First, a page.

The family Blundell bought its first transistor radio in 1964, and of course it was a Roberts. Fast forward to 2021, and my new radio has just been delivered. It’s another Roberts.
The Roberts Radio Company began making portable sets in 1932, in a basic factory converted from two rooms in Hills Place, Soho. By 1935 they were averaging eight receivers a week, all sold in London. Demand was high, but in their current premises it was impossible to increase their output. So in March 1936 they moved across Oxford Street to 41 Rathbone Place, where they occupied three rooms on each of two floors. Production doubled almost at once.
The company had been started by two enterprising young Londoners, Harry Roberts, from Mile End, and Leslie Bidmead, from Kilburn.
Prior to setting up his own business Harry had worked for Pell, Cahill, and Company Ltd, another manufacturer of wireless equipment at nearby 64 Newman Street. At first the pair called themselves Roberts and Bidmead, but within a few months Leslie nobly agreed that Roberts Radios had a much better ring to it.
They were so successful that in 1940 Harry received a letter from their contact at Harrods: ‘I personally had the pleasure yesterday of selling Her Majesty the Queen one of your models for her personal use.’ While celebrating her eighteenth birthday in April 1944 Princess Elizabeth, the current Queen, was filmed listening to a news item about herself on a Roberts portable.
In 1941 the company had left Fitzrovia because it was considered dangerous. Quite rightly — the Rathbone Place premises were bombed towards the end of that year. After the war, the site was redeveloped as the Post Office sorting office, and it’s now occupied by Rathbone Square. Happily by the time their old home was destroyed Roberts Radios were safely installed in a former Thames-side boathouse in East Molesey, Surrey. Today their radios are still being manufactured in a purpose-built factory in nearby Chertsey.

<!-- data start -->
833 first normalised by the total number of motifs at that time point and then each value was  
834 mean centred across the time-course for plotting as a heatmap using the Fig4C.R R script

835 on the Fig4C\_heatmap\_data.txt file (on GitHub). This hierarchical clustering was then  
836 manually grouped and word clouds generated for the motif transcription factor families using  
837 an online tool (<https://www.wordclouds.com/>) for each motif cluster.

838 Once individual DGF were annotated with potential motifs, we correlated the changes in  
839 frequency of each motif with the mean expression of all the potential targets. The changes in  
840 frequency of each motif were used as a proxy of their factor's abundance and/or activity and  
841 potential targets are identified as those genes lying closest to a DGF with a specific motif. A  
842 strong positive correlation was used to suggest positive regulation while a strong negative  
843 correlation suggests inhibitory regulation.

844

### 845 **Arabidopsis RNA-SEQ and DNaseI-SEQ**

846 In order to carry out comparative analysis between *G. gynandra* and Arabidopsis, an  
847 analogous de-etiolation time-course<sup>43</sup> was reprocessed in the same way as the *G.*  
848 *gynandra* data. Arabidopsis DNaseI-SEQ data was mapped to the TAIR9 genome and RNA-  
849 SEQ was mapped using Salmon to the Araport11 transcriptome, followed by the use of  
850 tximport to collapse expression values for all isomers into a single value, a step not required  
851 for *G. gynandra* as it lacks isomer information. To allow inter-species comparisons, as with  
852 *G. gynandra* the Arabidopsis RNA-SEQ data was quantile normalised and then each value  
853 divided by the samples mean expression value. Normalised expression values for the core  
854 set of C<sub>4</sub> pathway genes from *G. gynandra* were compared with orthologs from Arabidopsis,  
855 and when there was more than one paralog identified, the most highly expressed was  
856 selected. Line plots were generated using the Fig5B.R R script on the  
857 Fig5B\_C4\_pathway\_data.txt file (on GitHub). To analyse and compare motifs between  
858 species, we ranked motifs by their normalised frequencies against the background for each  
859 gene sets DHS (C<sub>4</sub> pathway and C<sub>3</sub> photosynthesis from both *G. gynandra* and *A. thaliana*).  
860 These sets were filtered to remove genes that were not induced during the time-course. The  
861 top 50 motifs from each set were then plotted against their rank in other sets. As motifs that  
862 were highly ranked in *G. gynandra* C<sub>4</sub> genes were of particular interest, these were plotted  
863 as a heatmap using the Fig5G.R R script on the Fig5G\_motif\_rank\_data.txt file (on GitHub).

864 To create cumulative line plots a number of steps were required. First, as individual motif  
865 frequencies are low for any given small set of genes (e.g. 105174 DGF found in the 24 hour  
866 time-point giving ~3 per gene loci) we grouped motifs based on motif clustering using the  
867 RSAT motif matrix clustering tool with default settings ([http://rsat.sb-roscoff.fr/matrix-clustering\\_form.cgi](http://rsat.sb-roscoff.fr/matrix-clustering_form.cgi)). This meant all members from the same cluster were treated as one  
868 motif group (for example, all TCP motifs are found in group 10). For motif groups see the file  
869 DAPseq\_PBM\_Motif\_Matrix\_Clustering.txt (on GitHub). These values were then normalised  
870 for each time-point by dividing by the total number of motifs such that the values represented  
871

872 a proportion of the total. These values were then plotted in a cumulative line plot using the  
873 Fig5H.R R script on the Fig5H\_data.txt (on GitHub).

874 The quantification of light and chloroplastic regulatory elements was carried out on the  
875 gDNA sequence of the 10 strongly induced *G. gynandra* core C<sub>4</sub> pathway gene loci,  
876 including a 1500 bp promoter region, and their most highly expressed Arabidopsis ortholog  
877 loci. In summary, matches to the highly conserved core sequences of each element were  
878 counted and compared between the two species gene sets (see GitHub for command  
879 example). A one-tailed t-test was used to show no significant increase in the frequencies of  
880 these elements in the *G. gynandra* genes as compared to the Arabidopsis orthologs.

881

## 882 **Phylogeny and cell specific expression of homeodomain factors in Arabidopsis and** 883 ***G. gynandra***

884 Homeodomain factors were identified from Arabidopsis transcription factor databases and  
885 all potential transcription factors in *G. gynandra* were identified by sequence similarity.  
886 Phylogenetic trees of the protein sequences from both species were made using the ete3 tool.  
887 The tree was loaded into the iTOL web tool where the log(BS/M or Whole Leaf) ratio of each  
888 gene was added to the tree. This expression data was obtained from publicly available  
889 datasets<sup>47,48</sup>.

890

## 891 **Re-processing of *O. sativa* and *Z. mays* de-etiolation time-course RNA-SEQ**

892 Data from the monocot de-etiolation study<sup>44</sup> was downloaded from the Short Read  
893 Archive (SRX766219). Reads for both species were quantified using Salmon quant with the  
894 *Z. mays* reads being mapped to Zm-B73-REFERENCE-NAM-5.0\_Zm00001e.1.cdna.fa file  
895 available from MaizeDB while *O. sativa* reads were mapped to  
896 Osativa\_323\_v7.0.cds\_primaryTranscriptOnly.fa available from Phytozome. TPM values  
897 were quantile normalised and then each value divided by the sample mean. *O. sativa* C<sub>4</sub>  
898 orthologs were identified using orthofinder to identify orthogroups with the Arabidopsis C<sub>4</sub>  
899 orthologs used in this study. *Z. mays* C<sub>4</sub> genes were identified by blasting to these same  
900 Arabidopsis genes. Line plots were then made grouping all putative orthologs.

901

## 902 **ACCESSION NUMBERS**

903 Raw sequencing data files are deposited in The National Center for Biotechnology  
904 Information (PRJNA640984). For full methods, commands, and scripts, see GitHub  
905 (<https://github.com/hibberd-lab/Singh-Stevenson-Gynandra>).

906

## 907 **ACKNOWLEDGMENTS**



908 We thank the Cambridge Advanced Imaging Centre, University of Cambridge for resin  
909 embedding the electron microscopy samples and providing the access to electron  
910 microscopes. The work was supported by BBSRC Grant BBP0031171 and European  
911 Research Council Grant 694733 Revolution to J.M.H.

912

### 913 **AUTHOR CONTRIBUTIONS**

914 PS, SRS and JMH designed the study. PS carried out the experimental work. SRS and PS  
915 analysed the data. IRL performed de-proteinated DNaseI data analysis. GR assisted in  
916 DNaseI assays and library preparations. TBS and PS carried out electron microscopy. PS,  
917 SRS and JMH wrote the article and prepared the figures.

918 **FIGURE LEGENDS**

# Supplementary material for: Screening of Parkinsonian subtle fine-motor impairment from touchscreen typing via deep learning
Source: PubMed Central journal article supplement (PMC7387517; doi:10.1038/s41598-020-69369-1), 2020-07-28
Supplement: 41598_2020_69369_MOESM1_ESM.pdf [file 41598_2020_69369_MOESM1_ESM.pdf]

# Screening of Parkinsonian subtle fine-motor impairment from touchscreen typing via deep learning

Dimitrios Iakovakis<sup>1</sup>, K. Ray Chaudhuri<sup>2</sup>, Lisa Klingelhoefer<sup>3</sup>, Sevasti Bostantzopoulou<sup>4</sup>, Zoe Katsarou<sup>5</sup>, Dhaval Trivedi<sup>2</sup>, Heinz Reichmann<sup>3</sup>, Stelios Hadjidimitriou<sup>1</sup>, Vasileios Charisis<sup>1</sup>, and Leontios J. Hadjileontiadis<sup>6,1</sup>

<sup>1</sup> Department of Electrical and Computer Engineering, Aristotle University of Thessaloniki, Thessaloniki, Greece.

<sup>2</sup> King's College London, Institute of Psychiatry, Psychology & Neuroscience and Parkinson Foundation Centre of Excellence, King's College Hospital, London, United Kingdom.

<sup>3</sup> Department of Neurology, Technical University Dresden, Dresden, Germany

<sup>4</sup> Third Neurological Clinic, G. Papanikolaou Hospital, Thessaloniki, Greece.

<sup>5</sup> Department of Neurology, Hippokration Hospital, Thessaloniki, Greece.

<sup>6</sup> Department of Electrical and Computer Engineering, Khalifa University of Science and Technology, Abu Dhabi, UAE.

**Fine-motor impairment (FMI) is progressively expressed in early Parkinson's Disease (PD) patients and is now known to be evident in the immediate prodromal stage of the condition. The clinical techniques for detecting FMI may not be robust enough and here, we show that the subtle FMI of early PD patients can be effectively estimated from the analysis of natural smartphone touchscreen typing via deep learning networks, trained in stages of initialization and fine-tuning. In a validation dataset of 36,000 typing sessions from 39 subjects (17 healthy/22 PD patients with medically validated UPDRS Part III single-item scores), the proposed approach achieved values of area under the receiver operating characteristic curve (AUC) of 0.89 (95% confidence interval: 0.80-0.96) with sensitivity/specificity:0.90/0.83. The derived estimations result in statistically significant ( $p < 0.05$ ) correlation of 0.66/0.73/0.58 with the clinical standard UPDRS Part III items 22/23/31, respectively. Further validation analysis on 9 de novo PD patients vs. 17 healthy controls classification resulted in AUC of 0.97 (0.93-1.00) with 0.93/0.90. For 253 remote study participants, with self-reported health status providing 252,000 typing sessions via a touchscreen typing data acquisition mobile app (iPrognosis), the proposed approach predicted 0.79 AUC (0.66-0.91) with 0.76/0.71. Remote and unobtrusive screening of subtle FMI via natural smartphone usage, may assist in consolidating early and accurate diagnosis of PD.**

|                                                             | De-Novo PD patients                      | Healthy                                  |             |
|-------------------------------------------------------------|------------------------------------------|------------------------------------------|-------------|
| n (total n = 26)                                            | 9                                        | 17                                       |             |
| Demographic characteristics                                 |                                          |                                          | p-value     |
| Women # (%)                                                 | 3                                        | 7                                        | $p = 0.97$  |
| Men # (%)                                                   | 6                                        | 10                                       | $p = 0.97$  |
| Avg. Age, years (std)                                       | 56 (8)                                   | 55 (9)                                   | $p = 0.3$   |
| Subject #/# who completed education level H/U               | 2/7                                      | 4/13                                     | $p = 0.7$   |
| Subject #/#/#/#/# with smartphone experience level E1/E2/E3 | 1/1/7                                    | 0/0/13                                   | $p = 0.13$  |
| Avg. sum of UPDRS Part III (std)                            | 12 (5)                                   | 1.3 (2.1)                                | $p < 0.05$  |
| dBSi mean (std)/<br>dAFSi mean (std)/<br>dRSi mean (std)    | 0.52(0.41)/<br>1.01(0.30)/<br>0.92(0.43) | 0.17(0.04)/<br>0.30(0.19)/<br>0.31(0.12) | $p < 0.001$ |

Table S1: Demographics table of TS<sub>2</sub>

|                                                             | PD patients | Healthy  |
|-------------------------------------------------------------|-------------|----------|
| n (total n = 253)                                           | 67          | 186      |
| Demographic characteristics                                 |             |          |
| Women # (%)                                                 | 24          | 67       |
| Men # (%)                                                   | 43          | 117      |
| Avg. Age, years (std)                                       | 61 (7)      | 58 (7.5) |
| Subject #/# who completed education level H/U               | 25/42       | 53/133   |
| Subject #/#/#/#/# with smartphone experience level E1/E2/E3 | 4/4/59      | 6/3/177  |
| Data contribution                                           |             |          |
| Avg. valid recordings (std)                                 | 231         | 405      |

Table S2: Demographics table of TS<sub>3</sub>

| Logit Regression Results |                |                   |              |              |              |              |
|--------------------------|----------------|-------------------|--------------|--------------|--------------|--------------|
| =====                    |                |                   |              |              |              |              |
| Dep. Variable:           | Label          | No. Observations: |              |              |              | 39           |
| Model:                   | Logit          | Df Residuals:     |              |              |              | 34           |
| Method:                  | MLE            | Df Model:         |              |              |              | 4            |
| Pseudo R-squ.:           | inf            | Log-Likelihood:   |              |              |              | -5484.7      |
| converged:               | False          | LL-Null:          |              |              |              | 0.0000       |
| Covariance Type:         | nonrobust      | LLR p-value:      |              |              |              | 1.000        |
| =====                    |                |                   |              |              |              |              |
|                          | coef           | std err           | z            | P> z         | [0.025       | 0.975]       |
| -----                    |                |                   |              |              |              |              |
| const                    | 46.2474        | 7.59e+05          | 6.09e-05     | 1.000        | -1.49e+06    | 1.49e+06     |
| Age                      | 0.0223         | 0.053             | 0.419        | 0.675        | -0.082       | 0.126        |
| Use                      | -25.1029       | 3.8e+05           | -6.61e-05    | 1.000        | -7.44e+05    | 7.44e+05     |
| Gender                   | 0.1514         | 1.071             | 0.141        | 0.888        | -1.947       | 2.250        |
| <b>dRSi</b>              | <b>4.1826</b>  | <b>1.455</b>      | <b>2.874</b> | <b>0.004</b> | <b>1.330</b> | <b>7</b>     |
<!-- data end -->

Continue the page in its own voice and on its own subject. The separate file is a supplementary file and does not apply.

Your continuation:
In the 1980s Roberts were struggling, on account of the competition from Japan. Then in 1989 one of their radios appeared in a Martini advert, and soon the company was inundated with enquiries. The result was the Roberts Revival model, beautifully nostalgic and now made in nine delicious colours. With DAB, WIFI and streaming, naturally.
No longer ‘Made in Fitzrovia’, but still ‘Made in Britain’, Roberts Radios are in fact no longer completely British. Since 1994 they’ve been a subsidiary of the GlenDimplex Group, which operates from the Republic of Ireland. This group owns several other brands redolent of my tech-filled youth, such as Dimplex, Morphy Richards, and Baby Belling. Names to savour.
Never mind the family holidays and the sun-kissed beaches, it’s the marvellous machines of yesteryear that whisk me straight back to my childhood. And now it must be time for the Archers …
(If you leaf through this E-book you’ll find a photo of the Rathbone Place premises on page vi.)
Sue Blundell is a playwright and lecturer in Classical Studies.